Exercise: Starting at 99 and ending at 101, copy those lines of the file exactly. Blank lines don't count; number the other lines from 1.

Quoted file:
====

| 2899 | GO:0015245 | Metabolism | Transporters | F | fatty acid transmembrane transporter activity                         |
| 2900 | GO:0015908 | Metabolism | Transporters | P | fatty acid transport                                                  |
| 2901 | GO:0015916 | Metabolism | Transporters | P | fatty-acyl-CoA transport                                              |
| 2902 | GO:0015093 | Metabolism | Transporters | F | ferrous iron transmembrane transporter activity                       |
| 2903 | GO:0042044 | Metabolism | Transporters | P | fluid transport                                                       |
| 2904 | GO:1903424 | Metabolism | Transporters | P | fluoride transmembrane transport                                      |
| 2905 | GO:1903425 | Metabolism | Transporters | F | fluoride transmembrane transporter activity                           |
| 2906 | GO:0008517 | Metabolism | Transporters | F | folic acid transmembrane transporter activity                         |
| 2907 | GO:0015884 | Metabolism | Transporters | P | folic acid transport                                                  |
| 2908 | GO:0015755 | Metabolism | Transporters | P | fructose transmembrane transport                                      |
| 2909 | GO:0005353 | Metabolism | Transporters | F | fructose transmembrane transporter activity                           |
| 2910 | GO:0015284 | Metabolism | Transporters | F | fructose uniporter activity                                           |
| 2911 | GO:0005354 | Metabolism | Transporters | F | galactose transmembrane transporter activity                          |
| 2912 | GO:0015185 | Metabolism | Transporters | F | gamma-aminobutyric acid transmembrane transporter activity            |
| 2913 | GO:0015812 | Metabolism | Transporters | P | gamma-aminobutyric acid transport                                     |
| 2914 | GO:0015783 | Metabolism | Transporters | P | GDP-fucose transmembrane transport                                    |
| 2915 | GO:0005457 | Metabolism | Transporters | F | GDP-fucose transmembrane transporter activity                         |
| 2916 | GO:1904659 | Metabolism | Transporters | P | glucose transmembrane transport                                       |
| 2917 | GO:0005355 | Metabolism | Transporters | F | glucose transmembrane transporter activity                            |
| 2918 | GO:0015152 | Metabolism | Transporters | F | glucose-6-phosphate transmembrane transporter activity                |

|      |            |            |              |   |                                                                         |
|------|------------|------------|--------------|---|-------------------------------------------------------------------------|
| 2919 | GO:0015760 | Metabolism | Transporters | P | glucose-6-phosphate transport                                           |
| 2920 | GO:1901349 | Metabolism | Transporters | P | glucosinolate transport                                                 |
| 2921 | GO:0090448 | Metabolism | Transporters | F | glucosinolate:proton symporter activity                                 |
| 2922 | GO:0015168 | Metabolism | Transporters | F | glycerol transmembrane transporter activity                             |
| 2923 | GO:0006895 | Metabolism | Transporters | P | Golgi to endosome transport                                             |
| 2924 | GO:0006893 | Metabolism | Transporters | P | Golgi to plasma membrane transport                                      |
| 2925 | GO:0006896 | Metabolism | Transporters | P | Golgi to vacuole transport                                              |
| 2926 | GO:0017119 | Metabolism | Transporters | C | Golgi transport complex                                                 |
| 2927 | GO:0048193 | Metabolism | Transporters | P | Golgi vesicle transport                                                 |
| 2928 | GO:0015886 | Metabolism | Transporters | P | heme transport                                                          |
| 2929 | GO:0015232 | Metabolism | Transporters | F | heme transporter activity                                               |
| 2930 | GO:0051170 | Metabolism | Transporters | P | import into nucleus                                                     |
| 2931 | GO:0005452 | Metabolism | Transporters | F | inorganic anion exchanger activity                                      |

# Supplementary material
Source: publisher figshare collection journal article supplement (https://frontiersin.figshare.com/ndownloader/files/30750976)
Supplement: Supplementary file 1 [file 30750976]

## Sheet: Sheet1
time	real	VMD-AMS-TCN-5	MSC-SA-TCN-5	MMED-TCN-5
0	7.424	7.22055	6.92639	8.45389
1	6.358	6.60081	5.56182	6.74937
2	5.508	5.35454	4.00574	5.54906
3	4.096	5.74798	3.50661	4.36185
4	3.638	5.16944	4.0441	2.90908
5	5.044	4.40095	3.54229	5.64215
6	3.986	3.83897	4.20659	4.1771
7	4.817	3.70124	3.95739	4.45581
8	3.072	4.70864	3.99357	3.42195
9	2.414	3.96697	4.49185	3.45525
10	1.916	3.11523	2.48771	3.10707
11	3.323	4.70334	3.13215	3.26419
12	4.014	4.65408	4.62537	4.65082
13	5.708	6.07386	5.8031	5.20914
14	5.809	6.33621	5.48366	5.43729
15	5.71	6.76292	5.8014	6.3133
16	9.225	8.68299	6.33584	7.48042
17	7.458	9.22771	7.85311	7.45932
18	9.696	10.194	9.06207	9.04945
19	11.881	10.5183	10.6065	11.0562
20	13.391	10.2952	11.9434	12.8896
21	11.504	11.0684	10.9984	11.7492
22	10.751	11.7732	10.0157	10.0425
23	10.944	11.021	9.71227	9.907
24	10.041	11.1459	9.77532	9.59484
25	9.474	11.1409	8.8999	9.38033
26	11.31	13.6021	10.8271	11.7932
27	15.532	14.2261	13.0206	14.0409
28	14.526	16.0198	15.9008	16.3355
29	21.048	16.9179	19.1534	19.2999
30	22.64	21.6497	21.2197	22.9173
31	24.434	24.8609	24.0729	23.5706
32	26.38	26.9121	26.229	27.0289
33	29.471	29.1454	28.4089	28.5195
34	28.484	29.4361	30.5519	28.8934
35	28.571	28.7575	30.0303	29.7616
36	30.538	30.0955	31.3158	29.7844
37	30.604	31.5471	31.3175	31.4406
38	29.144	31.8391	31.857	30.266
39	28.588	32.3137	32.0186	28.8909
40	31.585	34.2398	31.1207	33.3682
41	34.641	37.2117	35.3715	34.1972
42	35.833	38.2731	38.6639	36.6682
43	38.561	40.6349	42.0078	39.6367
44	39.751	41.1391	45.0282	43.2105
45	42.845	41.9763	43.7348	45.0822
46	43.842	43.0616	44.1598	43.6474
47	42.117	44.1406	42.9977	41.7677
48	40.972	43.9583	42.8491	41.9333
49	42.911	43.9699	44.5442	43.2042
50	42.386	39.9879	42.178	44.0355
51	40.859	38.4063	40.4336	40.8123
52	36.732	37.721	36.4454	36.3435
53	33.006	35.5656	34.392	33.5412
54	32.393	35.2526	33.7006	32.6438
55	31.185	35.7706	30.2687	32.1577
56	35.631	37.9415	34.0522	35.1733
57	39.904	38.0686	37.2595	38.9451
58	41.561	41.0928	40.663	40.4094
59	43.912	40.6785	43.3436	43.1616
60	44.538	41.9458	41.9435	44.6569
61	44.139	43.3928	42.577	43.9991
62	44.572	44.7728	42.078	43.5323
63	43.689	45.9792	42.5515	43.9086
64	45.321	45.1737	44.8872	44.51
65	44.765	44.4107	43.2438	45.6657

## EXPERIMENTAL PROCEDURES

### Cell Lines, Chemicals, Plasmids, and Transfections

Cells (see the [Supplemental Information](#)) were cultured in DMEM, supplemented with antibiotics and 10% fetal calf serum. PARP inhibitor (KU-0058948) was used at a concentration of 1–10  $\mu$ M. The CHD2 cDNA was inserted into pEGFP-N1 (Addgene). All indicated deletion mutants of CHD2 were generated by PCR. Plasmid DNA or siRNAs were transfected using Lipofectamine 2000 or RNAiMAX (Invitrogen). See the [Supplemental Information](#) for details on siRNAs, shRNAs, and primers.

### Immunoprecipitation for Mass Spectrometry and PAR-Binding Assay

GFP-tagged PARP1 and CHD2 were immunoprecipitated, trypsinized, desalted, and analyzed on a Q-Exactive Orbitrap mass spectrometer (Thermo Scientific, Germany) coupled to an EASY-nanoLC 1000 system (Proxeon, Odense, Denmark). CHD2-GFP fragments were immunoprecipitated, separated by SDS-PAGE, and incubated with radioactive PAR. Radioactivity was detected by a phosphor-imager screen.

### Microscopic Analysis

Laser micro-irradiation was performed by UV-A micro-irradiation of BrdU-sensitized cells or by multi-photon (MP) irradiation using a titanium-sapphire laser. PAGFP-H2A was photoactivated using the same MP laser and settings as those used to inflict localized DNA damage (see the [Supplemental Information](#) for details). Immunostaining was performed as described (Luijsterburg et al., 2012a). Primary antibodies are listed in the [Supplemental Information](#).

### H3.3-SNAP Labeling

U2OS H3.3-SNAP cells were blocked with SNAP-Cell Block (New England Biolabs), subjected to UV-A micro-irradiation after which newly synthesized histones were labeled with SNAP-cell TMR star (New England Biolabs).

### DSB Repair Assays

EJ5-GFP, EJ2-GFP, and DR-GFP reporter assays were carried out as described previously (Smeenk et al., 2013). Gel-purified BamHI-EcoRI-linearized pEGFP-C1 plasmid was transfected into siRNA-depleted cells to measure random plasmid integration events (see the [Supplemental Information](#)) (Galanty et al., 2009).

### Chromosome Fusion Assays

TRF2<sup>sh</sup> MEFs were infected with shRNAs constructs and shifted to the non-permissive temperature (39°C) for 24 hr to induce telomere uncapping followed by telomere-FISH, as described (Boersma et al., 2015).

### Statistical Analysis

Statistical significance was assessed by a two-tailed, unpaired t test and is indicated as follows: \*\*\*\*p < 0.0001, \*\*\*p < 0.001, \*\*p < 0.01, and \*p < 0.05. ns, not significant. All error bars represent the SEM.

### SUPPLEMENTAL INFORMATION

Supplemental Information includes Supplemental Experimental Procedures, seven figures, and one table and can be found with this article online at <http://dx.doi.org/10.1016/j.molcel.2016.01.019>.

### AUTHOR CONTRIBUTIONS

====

58	41.561	41.0928	40.663	40.4094
59	43.912	40.6785	43.3436	43.1616
60	44.538	41.9458	41.9435	44.6569